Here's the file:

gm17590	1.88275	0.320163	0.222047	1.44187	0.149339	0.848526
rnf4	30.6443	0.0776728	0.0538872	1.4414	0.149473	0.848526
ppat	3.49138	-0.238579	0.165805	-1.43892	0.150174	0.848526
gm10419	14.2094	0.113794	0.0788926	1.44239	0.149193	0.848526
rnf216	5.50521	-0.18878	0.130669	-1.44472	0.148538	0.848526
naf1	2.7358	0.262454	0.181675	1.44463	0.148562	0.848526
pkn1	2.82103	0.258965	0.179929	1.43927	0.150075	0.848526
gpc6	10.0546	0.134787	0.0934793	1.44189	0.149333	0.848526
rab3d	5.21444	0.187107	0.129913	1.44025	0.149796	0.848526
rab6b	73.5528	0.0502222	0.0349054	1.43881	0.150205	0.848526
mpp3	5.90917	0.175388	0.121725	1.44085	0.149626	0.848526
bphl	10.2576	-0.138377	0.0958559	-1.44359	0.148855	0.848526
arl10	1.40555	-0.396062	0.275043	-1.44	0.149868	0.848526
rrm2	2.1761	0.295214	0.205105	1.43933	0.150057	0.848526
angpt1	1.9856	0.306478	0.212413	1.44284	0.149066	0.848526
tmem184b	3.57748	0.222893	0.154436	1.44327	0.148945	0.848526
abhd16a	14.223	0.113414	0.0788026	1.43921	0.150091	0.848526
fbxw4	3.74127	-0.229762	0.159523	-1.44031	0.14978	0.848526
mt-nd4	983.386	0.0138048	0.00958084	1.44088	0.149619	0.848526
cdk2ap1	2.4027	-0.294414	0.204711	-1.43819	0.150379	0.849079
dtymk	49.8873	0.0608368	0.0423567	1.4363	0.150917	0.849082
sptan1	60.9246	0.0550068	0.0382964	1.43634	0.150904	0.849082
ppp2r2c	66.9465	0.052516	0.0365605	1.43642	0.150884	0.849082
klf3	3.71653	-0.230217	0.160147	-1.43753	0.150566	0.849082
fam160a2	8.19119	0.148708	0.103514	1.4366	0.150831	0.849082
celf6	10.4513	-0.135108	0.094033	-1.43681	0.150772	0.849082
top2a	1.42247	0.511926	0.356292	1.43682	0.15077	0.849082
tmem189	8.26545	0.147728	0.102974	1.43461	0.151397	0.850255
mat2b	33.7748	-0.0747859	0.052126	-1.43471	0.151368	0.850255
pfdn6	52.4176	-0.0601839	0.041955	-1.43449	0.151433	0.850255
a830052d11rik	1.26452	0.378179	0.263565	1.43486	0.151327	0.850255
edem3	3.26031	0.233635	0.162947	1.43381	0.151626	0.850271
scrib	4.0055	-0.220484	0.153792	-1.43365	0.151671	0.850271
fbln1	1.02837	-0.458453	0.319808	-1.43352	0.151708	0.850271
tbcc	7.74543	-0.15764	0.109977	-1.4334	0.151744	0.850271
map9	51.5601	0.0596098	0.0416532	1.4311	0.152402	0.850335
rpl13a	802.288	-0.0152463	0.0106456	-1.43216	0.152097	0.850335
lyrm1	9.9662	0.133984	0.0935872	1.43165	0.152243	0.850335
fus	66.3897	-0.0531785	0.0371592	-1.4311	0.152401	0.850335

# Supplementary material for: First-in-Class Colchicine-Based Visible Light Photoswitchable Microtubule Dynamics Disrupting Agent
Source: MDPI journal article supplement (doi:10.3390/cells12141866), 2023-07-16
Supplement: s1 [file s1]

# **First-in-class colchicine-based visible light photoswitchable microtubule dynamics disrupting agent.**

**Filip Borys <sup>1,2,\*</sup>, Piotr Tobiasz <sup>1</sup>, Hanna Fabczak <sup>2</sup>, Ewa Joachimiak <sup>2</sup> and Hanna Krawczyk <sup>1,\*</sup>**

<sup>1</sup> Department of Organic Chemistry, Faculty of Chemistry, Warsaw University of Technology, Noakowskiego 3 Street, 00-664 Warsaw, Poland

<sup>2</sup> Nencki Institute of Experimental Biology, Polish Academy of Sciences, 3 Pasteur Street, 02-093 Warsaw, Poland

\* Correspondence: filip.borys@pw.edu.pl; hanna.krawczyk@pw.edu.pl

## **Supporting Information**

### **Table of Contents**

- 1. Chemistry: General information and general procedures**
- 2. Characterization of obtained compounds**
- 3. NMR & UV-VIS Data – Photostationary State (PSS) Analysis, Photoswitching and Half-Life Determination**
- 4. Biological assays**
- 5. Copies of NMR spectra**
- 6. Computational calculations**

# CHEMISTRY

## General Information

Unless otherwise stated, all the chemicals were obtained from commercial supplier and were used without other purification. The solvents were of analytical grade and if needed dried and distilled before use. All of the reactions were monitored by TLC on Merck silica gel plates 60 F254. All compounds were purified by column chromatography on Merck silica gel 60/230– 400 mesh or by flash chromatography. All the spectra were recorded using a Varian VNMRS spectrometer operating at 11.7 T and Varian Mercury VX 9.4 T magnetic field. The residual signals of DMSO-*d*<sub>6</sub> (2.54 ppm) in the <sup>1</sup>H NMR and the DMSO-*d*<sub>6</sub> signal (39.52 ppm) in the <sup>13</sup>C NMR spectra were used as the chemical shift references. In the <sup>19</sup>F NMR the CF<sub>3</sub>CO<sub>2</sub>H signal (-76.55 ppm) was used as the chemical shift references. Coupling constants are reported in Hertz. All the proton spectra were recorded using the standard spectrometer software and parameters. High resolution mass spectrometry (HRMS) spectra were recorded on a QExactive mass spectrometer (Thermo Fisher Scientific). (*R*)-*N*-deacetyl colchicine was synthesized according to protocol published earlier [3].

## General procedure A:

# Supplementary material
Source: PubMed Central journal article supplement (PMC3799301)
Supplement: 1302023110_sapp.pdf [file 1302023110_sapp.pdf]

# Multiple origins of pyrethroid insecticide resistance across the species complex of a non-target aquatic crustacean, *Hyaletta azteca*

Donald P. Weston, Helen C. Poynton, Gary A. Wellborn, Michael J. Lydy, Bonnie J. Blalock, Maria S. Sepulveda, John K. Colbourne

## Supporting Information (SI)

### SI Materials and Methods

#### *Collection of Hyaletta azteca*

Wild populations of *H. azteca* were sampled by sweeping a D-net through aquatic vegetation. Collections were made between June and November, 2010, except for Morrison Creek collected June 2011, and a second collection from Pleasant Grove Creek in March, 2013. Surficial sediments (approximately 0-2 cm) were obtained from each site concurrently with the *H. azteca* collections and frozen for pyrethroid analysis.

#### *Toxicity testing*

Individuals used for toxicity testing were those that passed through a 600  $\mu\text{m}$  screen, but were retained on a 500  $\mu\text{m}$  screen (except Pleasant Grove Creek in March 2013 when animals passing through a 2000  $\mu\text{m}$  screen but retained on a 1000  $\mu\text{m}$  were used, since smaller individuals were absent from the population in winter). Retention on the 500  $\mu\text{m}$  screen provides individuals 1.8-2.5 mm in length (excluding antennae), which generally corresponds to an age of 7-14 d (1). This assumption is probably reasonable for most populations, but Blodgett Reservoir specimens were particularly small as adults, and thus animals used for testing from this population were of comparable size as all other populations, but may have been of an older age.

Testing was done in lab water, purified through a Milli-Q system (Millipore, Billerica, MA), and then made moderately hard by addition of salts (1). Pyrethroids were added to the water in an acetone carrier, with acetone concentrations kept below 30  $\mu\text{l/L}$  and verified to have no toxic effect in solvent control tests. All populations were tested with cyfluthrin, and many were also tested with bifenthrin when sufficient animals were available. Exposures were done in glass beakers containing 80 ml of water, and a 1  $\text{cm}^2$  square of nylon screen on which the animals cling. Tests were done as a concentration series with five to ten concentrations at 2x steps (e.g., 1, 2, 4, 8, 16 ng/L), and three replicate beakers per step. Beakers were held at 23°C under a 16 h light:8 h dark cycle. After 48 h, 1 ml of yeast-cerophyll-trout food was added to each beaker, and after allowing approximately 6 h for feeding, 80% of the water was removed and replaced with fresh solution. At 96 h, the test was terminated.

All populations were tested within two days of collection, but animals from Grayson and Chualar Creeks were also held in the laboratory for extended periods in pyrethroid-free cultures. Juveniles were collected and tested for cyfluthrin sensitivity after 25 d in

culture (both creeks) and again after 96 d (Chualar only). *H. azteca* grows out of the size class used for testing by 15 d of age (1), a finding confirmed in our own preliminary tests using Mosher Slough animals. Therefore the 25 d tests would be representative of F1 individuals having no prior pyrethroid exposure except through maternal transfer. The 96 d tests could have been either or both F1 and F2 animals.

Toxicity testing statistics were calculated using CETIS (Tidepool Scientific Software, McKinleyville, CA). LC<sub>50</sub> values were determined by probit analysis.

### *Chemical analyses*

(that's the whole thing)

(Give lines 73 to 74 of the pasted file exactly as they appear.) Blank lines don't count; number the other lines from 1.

culture (both creeks) and again after 96 d (Chualar only). *H. azteca* grows out of the size class used for testing by 15 d of age (1), a finding confirmed in our own preliminary tests using Mosher Slough animals. Therefore the 25 d tests would be representative of F1 individuals having no prior pyrethroid exposure except through maternal transfer. The 96 d tests could have been either or both F1 and F2 animals.

Toxicity testing statistics were calculated using CETIS (Tidepool Scientific Software, McKinleyville, CA). LC<sub>50</sub> values were determined by probit analysis.